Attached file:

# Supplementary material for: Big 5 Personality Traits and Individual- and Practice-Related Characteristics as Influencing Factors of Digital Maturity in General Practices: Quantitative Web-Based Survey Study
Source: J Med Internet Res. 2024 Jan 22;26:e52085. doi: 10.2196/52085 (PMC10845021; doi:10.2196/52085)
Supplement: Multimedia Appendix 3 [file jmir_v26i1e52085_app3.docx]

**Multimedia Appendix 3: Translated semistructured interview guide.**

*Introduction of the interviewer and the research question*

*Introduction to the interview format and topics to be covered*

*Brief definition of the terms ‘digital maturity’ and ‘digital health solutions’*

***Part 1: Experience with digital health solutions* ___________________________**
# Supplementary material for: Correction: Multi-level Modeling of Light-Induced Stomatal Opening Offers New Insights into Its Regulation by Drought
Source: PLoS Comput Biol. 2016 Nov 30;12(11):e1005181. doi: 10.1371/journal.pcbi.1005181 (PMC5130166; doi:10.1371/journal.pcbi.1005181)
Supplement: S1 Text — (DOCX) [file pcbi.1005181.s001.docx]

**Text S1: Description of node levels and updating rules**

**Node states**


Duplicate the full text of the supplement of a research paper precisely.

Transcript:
# Supplementary material for: Big 5 Personality Traits and Individual- and Practice-Related Characteristics as Influencing Factors of Digital Maturity in General Practices: Quantitative Web-Based Survey Study
Source: J Med Internet Res. 2024 Jan 22;26:e52085. doi: 10.2196/52085 (PMC10845021; doi:10.2196/52085)
Supplement: Multimedia Appendix 3 [file jmir_v26i1e52085_app3.docx]

**Multimedia Appendix 3: Translated semistructured interview guide.**

*Introduction of the interviewer and the research question*

*Introduction to the interview format and topics to be covered*

*Brief definition of the terms ‘digital maturity’ and ‘digital health solutions’*

***Part 1: Experience with digital health solutions* ___________________________**
# Supplementary material for: Correction: Multi-level Modeling of Light-Induced Stomatal Opening Offers New Insights into Its Regulation by Drought
Source: PLoS Comput Biol. 2016 Nov 30;12(11):e1005181. doi: 10.1371/journal.pcbi.1005181 (PMC5130166; doi:10.1371/journal.pcbi.1005181)
Supplement: S1 Text — (DOCX) [file pcbi.1005181.s001.docx]

**Text S1: Description of node levels and updating rules**

**Node states**